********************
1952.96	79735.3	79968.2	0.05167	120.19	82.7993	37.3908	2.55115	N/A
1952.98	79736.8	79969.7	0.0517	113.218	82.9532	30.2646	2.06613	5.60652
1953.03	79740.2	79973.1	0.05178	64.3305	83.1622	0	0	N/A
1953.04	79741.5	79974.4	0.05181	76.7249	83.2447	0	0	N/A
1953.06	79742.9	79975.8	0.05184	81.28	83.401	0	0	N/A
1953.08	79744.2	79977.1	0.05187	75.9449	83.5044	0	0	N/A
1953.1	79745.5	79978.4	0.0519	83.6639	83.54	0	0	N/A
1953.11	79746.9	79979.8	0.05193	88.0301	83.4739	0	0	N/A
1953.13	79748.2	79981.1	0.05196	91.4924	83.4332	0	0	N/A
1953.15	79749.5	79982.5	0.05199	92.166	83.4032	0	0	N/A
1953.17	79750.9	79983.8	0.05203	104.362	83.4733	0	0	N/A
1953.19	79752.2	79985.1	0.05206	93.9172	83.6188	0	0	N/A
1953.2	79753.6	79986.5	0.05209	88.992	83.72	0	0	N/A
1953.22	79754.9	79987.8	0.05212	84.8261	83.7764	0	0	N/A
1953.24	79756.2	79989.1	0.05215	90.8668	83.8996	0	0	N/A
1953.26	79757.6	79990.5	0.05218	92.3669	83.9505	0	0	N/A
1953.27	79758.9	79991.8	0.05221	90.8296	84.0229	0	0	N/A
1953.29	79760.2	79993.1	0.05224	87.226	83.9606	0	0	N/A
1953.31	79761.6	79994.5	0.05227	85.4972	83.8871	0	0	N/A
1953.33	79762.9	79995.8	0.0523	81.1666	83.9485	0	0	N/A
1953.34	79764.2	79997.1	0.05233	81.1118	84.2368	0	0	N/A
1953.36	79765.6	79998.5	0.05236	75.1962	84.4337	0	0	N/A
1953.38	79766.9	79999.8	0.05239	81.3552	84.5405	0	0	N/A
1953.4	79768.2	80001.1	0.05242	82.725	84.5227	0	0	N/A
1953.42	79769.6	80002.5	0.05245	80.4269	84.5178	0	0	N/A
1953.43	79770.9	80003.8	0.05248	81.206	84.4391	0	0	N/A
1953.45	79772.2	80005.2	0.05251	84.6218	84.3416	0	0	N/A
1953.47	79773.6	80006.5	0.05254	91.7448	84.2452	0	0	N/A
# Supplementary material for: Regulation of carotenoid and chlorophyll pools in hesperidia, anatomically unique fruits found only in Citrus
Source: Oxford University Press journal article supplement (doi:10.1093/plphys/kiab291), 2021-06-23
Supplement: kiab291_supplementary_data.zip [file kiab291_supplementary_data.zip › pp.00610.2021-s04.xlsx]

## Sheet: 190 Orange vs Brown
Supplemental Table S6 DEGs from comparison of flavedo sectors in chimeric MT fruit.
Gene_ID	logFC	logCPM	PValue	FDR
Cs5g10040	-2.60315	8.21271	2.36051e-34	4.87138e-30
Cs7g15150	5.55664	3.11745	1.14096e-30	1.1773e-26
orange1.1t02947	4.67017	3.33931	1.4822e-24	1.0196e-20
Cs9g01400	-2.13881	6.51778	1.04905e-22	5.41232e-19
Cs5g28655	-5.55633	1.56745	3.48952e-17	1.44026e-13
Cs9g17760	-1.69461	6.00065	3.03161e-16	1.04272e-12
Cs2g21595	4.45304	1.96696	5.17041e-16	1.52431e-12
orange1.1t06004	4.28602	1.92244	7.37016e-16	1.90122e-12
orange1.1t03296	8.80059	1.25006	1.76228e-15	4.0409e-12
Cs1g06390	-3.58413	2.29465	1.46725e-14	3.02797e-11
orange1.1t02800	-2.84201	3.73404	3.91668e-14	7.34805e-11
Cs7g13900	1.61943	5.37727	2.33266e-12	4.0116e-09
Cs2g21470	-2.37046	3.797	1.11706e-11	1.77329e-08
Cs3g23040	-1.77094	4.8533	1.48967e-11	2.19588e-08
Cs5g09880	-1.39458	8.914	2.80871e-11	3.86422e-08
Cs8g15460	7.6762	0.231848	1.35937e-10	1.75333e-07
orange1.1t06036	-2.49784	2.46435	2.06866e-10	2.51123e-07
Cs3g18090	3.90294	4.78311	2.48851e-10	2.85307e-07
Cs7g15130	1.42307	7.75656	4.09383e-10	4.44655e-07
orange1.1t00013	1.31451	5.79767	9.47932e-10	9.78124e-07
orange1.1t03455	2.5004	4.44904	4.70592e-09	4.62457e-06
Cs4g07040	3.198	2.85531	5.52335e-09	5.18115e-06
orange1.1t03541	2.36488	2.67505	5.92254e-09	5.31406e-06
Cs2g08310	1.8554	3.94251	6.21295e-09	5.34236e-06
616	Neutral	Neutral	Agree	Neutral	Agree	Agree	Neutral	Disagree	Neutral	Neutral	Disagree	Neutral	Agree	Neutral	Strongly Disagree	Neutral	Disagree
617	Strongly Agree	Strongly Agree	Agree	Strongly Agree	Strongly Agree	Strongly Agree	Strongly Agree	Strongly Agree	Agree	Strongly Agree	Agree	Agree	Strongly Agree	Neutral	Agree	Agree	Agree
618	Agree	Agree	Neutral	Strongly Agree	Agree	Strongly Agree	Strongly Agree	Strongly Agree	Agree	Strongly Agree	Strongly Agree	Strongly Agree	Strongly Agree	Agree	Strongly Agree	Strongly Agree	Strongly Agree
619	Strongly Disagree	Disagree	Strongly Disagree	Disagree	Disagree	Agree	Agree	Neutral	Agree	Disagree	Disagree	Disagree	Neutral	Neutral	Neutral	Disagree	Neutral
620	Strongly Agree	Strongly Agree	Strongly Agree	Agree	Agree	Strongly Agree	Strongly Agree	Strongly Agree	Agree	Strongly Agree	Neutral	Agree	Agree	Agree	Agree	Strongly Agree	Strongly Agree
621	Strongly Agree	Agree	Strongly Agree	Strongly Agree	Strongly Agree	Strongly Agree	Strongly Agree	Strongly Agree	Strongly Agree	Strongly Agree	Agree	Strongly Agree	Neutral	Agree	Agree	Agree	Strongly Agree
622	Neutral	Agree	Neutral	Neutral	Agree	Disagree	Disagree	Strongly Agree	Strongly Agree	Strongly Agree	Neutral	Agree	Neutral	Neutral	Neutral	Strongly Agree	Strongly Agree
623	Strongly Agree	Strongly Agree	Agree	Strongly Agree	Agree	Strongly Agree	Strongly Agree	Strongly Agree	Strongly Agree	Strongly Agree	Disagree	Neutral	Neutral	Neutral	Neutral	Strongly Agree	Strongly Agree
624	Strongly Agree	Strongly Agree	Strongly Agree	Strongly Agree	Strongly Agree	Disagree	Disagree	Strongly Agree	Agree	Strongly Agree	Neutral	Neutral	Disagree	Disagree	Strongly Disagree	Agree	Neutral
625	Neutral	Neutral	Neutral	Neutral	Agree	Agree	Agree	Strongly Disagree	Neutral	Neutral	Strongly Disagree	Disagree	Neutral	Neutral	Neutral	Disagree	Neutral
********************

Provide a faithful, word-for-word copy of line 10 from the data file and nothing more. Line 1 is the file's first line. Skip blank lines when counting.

1953.15	79749.5	79982.5	0.05199	92.166	83.4032	0	0	N/A